• Use hyperlinks: Many readers are more likely to click on an image than on the continuative link in the text. Therefore, images should also be linked with a hyperlink.
  • Consider text-to-image ratio: Striking design elements can create a surprise effect if used sparingly. Too many, especially moving, images can quickly appear confusing and cheap, but also alert the spam filter. Therefore: Use sparingly and to support the core message.
  • Use personalization: Personalized design elements can be even more effective. You can read everything about this topic in the chapter "Distribution list design and maintenance".
  • Don’t forget to test: Always test the displayability of the various design elements before sending them out. A/B split tests can be used to determine how different newsletter content is received by readers.


Marketers most frequently use images to visually enhance their mailings. Of course, images can be used anywhere in newsletters – for example, as a so-called skyscraper in the margin. However, we’ll briefly go over the most popular types of images in newsletters here: the header image and article images, including buttons.

Header image and company logo

The header image is usually located directly below the pre-header. This is an image that goes across the entire width of the newsletter – we recommend 600 pixels so that the newsletter can be displayed in web mailers and desktop clients without horizontal scroll bars.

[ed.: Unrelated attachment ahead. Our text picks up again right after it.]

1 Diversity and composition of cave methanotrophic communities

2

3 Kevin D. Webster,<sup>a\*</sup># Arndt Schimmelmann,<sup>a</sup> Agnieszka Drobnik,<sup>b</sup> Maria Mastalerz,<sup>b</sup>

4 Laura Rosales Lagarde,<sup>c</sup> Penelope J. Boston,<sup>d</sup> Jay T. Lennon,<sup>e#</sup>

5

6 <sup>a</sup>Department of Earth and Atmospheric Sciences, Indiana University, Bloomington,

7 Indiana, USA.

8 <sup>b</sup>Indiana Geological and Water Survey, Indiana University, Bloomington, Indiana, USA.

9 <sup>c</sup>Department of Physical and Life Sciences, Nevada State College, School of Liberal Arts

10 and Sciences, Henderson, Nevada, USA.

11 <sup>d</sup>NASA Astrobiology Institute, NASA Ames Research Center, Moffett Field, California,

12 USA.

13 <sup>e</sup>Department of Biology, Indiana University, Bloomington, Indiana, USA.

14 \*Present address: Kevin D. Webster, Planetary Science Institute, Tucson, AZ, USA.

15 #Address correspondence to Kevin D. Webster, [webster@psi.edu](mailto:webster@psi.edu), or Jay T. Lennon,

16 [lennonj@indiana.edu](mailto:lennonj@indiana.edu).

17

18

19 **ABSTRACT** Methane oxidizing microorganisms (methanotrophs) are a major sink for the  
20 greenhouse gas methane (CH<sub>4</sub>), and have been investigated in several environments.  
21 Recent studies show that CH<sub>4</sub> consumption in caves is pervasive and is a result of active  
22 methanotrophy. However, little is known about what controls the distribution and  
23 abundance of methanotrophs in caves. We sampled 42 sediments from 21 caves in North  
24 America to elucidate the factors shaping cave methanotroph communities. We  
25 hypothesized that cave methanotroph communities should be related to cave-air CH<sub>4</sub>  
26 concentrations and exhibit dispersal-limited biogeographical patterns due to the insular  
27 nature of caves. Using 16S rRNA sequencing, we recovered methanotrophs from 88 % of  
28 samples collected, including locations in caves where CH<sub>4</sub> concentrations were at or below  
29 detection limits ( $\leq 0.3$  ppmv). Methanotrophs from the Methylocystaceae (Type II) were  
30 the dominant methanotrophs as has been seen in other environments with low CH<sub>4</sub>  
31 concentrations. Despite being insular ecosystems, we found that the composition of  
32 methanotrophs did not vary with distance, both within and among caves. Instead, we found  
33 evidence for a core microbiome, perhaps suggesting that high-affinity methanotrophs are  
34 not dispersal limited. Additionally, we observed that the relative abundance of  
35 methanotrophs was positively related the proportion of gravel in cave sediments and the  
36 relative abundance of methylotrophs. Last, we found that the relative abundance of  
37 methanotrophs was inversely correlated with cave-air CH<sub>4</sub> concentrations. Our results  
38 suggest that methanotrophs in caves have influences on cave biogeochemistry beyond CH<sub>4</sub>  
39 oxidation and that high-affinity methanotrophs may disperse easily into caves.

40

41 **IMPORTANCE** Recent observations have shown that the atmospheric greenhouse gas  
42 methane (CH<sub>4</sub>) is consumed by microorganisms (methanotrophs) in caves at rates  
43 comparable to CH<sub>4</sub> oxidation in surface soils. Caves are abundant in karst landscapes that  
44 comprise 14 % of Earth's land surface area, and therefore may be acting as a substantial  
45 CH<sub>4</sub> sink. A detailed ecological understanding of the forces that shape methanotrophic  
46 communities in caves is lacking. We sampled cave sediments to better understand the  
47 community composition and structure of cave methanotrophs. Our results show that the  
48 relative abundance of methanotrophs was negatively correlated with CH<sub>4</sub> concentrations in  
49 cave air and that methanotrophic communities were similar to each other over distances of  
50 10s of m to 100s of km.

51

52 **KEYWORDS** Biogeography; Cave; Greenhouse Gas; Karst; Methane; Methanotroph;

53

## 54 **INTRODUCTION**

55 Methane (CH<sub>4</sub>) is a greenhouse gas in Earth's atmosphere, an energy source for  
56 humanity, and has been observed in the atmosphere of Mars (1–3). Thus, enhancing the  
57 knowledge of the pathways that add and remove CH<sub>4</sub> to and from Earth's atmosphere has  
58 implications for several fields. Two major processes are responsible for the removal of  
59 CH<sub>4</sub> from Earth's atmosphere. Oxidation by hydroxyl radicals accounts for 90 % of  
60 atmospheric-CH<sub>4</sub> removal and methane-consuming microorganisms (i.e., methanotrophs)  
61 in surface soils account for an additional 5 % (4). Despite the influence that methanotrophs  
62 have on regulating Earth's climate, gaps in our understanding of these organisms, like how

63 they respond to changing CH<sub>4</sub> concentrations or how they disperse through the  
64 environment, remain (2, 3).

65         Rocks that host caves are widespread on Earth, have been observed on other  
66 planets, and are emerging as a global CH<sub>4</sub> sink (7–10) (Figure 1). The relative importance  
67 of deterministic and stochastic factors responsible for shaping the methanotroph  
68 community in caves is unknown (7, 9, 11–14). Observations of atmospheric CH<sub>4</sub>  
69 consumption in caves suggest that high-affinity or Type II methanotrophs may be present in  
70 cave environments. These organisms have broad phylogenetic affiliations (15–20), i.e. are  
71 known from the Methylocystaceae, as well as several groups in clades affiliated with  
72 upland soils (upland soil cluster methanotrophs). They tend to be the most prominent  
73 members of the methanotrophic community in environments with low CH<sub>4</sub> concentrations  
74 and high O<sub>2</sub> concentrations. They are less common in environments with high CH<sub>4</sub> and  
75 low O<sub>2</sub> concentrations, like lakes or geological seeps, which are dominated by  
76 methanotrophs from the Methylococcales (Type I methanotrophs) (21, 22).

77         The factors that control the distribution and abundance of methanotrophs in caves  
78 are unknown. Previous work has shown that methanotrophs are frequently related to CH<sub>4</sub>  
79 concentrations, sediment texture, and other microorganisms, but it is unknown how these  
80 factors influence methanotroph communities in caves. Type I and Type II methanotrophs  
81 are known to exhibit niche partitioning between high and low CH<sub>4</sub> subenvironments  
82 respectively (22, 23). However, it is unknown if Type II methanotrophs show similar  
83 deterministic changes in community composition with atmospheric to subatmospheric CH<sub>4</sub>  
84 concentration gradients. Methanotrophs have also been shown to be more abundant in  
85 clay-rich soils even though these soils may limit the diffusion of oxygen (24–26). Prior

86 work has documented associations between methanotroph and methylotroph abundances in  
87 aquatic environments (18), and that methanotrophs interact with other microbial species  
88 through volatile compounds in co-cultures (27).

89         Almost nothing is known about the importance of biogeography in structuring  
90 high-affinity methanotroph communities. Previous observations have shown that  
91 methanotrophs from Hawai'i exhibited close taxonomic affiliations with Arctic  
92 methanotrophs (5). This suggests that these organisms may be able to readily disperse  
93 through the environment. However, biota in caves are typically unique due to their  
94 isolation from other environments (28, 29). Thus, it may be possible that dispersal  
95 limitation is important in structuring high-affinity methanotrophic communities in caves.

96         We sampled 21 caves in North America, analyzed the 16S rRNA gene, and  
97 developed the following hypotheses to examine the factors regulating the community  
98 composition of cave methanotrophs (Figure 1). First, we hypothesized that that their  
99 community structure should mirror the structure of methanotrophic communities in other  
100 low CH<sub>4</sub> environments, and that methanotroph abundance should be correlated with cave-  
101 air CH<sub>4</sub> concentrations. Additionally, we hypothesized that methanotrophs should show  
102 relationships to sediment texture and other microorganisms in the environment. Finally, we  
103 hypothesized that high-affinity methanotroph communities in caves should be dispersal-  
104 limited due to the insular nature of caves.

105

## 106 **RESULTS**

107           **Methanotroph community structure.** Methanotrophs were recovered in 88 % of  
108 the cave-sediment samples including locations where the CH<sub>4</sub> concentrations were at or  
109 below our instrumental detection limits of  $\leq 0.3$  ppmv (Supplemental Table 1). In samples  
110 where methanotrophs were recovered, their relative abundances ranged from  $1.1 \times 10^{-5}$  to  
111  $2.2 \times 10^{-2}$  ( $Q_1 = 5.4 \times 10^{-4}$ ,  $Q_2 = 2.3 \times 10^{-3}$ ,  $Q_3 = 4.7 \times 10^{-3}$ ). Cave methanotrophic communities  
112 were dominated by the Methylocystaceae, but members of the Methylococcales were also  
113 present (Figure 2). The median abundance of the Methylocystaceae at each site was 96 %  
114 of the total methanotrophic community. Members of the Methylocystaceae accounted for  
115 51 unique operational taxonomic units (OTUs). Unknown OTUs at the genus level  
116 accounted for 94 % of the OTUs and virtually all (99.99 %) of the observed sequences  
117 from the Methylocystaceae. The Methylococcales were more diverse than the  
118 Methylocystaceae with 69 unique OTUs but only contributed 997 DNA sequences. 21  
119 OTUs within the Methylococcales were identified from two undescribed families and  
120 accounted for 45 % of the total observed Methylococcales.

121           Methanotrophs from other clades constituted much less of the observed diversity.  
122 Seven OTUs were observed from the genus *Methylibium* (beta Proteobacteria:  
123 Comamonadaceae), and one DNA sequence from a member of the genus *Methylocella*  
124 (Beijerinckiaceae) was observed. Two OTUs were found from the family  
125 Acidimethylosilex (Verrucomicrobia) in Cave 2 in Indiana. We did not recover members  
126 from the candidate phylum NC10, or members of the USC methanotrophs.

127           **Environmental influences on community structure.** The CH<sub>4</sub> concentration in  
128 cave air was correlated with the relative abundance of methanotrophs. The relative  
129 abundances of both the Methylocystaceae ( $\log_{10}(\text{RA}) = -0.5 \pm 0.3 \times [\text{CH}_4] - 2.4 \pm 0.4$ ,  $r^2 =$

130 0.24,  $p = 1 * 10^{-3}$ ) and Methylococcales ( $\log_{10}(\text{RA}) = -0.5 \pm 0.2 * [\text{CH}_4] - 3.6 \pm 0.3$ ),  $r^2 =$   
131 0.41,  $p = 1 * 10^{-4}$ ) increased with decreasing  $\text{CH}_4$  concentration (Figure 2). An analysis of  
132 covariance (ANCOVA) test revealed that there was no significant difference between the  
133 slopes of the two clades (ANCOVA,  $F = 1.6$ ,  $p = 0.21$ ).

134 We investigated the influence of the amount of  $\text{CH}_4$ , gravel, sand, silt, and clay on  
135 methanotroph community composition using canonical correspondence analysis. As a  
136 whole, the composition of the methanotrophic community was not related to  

The header image is used to capture the viewer’s attention and encourage them to read the newsletter. Successful header images relate directly to the content of the newsletter and make people want to know more. A combination of images and text enables readers to grasp the central message of the newsletter at a glance. Ideally, the central call-to-action is also placed here, which can already ensure the first clicks.

Together with the company logo, the header image creates a recognition value. They either overlap or are arranged directly on top of each other. Thus, recipients recognize who the newsletter is from as soon as they open it and can thus build on their previous experiences.

Article images

Not only in the header, but also in the further course of a newsletter, relevant images can usefully supplement the texts, present complex content more clearly and thus encourage the reader to read on. Especially with many articles a balanced ratio of images and texts is important.


Call-to-actions are often packaged as striking buttons, because ultimately the reader should click on them. Everything that needs to be taken into account when designing buttons is explained in the "Call-to-Action" chapter.

Dynamic images